Those were the decisions Mayor Javier Gonzales announced after he and the council emerged from an closed executive session that lasted about 95 minutes. But in making the announcement Gonzales indicated a votes had been taken in secret — something that’s not allowed under the law.
After the council voted publicly to waive executive privilege — to permit the mayor and councilors to openly discuss what took place in the closed session — Gonzales announced that “by unanimous vote” the council agreed to take the steps necessary to implement ranked-choice voting in March.
The mayor’s comments were met with applause by a few dozen supporters of ranked-choice voting who attended the meeting. But their enthusiasm was dashed moments later when Gonzales continued with his statement, saying that the council, in a “5-4 decision,” also decided to appeal to the Supreme Court District Judge David Thomson’s order to implement ranked-choice.
The state Open Meetings Act forbids votes from being taken in executive session. “They need to start over and do it over again,” Peter St. Cyr, executive director of the New Mexico Foundation for Open Government, said when contacted by a reporter after the meeting.
But City Attorney Kelley Brennan was adamant that no vote was held in executive session. “That was a misstatement,” she said of the mayor’s announcement. “We don’t do that; we’re not allowed to do that.”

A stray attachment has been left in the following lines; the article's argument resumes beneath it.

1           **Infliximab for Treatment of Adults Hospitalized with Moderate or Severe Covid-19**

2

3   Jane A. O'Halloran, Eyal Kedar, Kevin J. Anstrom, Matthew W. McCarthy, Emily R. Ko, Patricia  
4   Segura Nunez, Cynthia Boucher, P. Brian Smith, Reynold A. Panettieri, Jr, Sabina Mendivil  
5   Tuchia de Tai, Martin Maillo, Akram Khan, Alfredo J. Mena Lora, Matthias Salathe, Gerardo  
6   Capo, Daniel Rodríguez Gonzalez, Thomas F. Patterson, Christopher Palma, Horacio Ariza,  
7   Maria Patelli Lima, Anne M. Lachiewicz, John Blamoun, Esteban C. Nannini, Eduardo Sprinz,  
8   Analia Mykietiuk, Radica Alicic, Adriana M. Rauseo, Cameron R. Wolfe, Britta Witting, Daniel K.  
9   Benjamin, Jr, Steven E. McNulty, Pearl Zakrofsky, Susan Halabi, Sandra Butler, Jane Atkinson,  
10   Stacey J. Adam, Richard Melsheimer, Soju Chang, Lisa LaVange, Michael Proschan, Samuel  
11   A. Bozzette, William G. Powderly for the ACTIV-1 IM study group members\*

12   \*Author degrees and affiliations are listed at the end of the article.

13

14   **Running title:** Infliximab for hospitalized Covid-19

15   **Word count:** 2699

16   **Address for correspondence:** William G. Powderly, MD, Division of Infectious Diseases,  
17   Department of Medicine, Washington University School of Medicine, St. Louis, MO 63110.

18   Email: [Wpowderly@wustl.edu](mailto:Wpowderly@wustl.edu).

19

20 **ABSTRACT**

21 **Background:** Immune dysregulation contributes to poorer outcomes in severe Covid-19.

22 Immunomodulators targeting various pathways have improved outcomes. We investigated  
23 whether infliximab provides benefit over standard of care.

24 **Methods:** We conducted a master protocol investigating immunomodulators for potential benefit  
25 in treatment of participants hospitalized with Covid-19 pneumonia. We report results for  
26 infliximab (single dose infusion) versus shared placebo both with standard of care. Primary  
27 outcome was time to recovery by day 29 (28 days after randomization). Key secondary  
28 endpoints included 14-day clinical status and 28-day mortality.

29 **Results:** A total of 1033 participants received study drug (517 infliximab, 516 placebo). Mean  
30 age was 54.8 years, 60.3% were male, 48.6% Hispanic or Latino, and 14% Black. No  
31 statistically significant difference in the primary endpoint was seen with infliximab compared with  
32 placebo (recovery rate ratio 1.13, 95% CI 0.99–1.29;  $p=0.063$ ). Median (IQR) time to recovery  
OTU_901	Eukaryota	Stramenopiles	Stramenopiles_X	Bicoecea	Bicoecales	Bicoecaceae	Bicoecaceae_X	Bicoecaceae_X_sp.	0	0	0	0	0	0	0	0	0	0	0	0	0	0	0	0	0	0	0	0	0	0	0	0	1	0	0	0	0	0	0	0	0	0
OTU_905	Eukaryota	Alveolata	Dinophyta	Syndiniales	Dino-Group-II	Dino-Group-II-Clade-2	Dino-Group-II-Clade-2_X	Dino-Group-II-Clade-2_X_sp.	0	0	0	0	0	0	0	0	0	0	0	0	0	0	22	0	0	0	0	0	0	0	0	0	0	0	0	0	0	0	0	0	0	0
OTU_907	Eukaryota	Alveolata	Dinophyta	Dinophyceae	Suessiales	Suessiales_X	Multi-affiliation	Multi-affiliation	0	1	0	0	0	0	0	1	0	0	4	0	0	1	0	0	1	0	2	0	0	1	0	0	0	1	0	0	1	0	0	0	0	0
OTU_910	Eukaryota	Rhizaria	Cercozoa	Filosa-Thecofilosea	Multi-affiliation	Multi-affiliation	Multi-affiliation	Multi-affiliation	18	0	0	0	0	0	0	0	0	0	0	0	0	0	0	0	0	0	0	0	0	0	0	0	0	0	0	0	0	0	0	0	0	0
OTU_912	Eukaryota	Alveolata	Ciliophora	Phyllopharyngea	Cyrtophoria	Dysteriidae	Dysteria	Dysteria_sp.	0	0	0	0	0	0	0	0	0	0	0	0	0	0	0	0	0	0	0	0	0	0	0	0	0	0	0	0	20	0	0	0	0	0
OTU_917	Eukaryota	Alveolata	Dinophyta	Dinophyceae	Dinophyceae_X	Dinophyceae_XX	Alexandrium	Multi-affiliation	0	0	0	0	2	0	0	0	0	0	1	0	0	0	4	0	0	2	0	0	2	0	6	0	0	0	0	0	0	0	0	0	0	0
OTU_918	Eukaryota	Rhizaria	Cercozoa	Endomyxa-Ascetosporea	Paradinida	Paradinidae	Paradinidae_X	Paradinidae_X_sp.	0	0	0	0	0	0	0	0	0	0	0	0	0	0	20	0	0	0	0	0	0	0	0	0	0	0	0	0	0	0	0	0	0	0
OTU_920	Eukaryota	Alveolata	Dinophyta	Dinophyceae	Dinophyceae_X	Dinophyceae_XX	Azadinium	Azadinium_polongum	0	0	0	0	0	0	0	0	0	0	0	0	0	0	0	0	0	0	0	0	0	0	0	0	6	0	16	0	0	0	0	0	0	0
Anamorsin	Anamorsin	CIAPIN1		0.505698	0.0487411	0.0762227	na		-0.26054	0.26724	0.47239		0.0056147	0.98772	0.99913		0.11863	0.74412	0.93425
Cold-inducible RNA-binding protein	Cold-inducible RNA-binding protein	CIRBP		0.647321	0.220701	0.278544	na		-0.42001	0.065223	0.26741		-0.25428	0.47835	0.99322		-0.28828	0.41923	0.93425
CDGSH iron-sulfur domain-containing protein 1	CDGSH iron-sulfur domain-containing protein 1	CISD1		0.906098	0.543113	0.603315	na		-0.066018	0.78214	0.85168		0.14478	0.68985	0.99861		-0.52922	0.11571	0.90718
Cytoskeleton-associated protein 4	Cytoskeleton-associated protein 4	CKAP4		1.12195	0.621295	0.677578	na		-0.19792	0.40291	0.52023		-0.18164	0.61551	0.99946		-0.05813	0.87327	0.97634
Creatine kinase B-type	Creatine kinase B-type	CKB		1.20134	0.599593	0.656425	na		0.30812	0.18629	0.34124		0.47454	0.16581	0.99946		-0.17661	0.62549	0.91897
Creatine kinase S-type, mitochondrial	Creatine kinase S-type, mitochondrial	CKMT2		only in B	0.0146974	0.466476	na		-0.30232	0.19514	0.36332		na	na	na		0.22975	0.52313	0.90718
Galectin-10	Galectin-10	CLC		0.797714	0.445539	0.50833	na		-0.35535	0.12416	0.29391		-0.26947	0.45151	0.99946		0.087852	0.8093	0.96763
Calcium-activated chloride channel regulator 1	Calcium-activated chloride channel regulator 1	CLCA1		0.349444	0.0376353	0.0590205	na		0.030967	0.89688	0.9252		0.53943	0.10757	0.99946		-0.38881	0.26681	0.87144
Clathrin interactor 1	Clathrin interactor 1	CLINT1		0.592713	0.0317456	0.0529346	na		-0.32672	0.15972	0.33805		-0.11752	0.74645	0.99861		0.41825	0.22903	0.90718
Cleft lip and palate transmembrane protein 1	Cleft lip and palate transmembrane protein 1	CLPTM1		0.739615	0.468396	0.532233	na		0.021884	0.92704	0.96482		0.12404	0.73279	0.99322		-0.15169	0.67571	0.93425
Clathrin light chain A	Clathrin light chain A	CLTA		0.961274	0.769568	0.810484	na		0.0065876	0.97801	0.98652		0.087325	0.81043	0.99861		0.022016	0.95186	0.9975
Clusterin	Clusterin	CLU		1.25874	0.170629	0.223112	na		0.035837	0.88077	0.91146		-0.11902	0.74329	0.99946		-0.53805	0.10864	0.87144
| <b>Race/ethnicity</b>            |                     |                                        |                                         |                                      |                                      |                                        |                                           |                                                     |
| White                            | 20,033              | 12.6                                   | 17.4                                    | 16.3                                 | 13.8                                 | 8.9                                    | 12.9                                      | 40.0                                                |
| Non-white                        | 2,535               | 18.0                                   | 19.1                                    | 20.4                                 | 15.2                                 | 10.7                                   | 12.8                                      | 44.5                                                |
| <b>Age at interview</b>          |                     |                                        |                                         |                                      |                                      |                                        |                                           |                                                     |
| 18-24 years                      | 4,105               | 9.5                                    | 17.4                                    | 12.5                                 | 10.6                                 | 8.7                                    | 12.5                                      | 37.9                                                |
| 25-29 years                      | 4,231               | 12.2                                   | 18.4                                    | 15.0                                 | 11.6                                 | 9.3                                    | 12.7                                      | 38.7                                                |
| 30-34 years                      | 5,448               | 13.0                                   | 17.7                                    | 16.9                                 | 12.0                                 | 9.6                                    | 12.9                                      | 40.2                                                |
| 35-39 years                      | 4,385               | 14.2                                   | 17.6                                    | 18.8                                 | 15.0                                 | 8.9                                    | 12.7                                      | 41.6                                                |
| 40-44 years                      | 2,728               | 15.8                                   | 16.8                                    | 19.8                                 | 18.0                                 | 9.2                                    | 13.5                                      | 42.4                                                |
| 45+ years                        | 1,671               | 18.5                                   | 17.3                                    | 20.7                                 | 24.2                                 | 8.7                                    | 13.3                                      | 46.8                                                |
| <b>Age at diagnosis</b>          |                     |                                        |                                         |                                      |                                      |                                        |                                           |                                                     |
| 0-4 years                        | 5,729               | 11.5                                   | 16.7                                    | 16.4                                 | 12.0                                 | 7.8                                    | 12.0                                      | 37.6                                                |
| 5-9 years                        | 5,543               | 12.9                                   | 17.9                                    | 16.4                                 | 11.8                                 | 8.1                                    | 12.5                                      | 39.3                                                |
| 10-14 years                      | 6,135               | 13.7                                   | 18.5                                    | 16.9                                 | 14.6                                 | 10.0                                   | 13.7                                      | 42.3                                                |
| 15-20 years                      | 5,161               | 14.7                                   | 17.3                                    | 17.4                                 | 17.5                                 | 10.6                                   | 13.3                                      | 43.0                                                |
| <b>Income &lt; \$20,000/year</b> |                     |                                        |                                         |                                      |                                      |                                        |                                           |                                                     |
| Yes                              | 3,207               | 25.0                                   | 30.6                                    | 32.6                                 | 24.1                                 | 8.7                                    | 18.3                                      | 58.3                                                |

When it was pointed out that the mayor said there had been votes and he even provided tallies, Brennan said she was just seeking consensus from the council. “How would you suggest they direct me to take action, which is what executive session is for?” she asked.
Maria Perez, one of the plaintiffs who filed the court complaint that led to Thomson’s order, was disappointed.”It’s an insult to voters and a waste of taxpayer money to go back an appeal this,” she said. In 2008, Santa Feans voted to implement ranked-choice voting, or RCV, as soon as the software to count votes was available and affordable. The council and mayor voted 6-3 in July to postpone RCV until 2020, out of concern the software still wasn’t ready then and more time was needed to educate voters.
In September, the Supreme Court rejected a petition filed directly before the high court that sought to force the city to use RVC right away. The RCV plaintiffs then took their case district court. Last week, Judge Thomson ruled that the necessary software became available in September when the Secretary of State’s office certified it and it should be used in March.
The City Council will hold a public hearing Dec. 20 to get public input on how the ranked-choice voting process is to work. Under RCV, voters rank candidates in races with more than two candidates in order of preference. If no candidate gets a majority of first-place votes in an initial tally, voters’ second or lower choices come into play.